Ivan and the Pocket Trap crew both grew up watching Western cartoons and shonen anime. We weren’t looking for particular references, but I believe that the combination of cartoons and anime runs throughout the whole game.


Otto, the protagonist of Dodgeball Academia, can curl himself up into a ball and roll across the map with ease. Given the game’s concept and setting, it seemed strange, but I found that feature to be so enjoyable (and helpful) that I appreciated its inclusion. I’d want to know what led to the decision to include what was basically a “spin dash” in the game.

H.A. : (Laughs) This mechanism arose organically from a proposal made by one of our programmers, Henrique Lorenzi. We knew the game’s maps would be large and that backtracking would be a part of the experience, so we knew we had to make getting from one place to another enjoyable in and of itself. We were looking at various methods to make Otto move quicker, and we ended up using a backflip motion that Ivan had developed for use during fights. Lorenzi then opted to utilize this animation in a rolling mechanic test, which we liked so much that we decided to retain it in the game’s final version. Lorenzi is a huge lover of Mario-style platformers, and I’m sure it was one of his inspirations!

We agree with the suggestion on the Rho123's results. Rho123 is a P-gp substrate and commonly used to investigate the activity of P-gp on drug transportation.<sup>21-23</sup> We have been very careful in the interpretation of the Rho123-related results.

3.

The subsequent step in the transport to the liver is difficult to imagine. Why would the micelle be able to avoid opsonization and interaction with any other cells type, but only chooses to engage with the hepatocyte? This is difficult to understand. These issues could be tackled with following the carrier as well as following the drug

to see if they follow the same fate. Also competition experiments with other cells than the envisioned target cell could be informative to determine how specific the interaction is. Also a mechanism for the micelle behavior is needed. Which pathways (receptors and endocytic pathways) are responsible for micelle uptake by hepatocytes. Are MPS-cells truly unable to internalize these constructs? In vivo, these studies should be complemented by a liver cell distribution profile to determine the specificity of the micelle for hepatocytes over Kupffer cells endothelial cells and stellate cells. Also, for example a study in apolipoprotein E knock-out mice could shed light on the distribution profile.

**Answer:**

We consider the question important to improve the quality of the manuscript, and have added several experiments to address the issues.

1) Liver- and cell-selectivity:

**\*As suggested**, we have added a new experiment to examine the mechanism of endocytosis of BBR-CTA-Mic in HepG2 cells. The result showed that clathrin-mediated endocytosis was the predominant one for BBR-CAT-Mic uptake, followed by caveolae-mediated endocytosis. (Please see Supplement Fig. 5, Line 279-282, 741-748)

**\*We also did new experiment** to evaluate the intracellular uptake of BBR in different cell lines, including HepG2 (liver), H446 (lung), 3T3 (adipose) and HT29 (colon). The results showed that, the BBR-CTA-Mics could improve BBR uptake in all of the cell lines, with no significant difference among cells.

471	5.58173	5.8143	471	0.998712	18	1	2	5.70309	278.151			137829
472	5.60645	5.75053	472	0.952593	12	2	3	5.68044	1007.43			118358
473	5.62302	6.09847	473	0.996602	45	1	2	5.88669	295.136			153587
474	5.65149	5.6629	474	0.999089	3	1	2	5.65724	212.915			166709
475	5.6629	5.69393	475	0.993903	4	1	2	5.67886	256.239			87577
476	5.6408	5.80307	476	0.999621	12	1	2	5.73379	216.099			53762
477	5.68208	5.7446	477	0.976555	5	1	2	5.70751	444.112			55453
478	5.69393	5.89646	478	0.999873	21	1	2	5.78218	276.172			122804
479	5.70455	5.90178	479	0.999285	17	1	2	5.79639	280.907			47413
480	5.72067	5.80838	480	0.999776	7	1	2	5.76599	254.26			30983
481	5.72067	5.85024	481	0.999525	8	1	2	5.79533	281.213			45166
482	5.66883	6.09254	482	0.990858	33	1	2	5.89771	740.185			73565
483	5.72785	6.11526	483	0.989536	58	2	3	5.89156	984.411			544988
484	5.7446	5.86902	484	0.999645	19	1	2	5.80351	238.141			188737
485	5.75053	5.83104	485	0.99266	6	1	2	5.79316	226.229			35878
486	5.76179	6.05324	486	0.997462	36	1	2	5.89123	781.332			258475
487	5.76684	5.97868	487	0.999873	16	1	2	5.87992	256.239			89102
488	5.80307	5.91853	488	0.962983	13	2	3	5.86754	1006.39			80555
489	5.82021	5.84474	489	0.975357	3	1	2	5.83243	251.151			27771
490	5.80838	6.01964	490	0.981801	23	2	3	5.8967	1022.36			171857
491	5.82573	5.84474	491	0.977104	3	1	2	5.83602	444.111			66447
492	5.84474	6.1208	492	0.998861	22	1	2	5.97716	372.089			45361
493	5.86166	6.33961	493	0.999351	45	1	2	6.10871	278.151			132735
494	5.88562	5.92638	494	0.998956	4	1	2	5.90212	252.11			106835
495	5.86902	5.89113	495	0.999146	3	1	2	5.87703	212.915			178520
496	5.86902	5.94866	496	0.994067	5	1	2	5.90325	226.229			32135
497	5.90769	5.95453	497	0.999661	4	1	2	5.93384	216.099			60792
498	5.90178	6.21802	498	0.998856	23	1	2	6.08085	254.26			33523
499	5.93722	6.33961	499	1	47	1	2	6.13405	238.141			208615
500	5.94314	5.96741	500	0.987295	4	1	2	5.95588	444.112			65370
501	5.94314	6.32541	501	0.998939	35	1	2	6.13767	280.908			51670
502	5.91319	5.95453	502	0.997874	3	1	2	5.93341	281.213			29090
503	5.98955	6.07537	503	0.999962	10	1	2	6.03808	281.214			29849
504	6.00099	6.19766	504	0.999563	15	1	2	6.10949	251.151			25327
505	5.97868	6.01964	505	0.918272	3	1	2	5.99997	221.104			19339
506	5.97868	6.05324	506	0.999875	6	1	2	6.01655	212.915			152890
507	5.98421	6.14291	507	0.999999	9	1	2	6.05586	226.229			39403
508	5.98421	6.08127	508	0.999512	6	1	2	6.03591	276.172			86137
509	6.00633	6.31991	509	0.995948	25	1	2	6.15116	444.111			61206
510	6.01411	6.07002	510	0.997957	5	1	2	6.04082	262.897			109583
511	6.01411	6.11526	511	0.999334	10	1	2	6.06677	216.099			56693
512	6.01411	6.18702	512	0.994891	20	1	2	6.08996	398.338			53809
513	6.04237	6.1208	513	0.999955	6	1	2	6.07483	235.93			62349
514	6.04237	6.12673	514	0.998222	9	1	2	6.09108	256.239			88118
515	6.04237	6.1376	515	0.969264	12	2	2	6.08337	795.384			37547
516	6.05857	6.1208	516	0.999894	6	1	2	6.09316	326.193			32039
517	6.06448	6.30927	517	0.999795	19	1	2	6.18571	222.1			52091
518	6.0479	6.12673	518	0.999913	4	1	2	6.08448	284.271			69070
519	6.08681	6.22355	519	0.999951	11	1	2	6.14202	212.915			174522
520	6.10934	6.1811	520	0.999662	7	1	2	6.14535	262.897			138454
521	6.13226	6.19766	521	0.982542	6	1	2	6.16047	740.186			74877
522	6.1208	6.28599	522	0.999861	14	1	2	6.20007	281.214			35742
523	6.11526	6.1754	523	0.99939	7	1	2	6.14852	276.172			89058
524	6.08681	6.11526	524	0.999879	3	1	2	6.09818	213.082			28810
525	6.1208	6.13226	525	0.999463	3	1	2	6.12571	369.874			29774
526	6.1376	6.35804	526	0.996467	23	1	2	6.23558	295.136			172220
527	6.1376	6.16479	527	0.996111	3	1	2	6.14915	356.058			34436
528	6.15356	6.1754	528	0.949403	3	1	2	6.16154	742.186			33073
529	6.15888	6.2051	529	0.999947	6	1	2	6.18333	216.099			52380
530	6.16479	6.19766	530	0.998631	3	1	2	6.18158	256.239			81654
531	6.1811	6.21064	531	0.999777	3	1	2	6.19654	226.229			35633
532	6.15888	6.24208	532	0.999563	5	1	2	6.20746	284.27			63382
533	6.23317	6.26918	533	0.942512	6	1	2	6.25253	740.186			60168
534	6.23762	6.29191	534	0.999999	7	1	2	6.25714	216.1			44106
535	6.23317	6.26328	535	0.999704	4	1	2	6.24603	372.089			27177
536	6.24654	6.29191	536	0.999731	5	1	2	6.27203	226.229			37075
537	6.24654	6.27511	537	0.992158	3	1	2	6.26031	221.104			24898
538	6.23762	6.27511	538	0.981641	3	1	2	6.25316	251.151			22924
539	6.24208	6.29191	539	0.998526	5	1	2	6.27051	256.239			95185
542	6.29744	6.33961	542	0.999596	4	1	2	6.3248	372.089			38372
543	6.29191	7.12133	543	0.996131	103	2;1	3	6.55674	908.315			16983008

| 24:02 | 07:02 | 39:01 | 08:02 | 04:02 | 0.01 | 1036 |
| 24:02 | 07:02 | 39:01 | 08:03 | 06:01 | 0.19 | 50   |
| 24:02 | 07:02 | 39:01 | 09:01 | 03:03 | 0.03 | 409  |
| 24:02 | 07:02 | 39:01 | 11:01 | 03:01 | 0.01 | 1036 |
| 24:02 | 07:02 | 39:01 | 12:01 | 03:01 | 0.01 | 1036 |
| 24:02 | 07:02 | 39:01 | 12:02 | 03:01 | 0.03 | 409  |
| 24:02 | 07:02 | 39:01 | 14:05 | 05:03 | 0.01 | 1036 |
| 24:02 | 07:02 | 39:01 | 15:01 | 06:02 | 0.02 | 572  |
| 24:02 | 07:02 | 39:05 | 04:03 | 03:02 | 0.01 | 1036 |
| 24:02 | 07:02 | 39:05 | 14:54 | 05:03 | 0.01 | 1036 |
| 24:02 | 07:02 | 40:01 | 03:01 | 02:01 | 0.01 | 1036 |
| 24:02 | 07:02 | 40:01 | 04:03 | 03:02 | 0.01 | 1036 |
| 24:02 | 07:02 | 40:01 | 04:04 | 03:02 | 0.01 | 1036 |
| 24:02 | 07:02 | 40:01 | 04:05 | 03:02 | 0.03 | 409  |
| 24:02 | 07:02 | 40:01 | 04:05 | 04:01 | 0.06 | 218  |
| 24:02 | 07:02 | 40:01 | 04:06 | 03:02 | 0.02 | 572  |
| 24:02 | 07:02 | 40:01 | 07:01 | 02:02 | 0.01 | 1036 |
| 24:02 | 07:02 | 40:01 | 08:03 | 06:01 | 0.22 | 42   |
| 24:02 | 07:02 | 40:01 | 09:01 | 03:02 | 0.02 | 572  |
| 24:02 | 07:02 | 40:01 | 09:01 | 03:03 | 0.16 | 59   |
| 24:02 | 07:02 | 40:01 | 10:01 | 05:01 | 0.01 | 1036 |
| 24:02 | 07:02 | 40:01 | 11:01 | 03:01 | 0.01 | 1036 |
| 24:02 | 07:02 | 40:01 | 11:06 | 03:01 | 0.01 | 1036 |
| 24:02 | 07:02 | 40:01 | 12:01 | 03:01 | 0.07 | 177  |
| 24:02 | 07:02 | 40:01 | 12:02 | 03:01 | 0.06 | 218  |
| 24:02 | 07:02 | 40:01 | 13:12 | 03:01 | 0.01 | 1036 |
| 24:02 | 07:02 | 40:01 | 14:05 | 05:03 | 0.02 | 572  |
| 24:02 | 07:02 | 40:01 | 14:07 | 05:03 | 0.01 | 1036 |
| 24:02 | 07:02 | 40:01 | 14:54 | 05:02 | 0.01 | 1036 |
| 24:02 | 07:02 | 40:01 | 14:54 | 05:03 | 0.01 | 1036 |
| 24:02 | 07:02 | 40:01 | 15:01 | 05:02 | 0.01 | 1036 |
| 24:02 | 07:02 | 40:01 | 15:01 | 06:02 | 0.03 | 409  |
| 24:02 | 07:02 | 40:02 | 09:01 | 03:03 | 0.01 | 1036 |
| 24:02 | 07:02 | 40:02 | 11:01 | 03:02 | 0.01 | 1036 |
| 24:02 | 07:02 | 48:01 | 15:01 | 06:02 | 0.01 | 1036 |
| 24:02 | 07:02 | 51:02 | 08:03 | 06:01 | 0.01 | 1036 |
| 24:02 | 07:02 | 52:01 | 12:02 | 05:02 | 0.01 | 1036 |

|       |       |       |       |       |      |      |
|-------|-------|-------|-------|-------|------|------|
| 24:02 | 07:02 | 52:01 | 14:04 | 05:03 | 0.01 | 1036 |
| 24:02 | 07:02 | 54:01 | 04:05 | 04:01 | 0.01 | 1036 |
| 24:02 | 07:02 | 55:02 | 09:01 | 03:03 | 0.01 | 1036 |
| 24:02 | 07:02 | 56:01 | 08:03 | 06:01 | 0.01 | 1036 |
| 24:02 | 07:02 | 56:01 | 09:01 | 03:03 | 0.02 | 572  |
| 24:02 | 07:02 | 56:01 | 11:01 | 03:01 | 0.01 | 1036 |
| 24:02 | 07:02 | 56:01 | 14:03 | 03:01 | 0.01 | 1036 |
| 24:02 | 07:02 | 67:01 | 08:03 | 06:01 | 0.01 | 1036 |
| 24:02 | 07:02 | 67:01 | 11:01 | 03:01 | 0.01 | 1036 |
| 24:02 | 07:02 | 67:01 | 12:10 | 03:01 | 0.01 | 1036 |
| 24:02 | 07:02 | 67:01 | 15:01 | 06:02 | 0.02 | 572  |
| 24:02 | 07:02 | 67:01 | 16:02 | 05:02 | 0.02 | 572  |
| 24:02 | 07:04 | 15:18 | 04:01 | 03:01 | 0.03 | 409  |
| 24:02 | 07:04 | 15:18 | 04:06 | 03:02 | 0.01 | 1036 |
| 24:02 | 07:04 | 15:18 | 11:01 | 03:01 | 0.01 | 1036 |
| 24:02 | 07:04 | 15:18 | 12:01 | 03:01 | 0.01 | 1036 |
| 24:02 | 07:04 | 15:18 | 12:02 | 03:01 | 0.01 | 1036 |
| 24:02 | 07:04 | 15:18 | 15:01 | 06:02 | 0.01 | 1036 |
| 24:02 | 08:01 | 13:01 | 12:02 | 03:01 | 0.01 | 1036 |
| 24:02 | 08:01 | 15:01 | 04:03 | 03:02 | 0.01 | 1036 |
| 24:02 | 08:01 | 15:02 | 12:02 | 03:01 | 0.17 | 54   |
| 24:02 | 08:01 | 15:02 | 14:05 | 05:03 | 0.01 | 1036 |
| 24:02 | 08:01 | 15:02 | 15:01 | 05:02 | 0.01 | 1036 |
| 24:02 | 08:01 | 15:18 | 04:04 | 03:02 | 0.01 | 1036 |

One of Dodgeball Academia’s coolest features is the ability to enable an alternate translated subtitle in another language while playing the game in your preferred language, effectively allowing you to learn another language while having a blast. I don’t believe I’ve ever seen this feature in another game (though I may be mistaken), therefore I’m curious where that brilliant idea came from.

Henrique Lorenzi, our programmer, also came up with this concept! I’m fairly sure it just came up naturally. Lorenzi is a huge language fan, therefore he worked extensively with our contracted translation partners to make sure this mechanic was as fantastic as it turned out to be.

Because text boxes make up a large part of the game, we wanted to make the most of this feature. We always strive to include elements that we like or would want to see in our games, and we’re thrilled with how well this concept has been received. I also thought it was a great match for the game’s concept!

We all grew up studying several languages, particularly English, in order to fully appreciate all of the games we used to play as children. I’m fairly sure this has happened to every single Brazilian player at some point in their lives. I really hope that tools like these encourage gamers to learn other languages!


Finally, although I realize this is a difficult topic to answer so soon after a game’s debut, what are Pocket Trap’s future plans? Are you working on a brand-new project right now?

HA: We’re currently focusing on the release of Dodgeball Academia, but our long-term goals remain the same as they always been! We aim to keep developing new projects that will make people smile whether they are playing or watching them. We’ll have to wait and see which concepts we’ll pursue next, but I can assure you that we won’t stop here!


As an example:

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Look at them!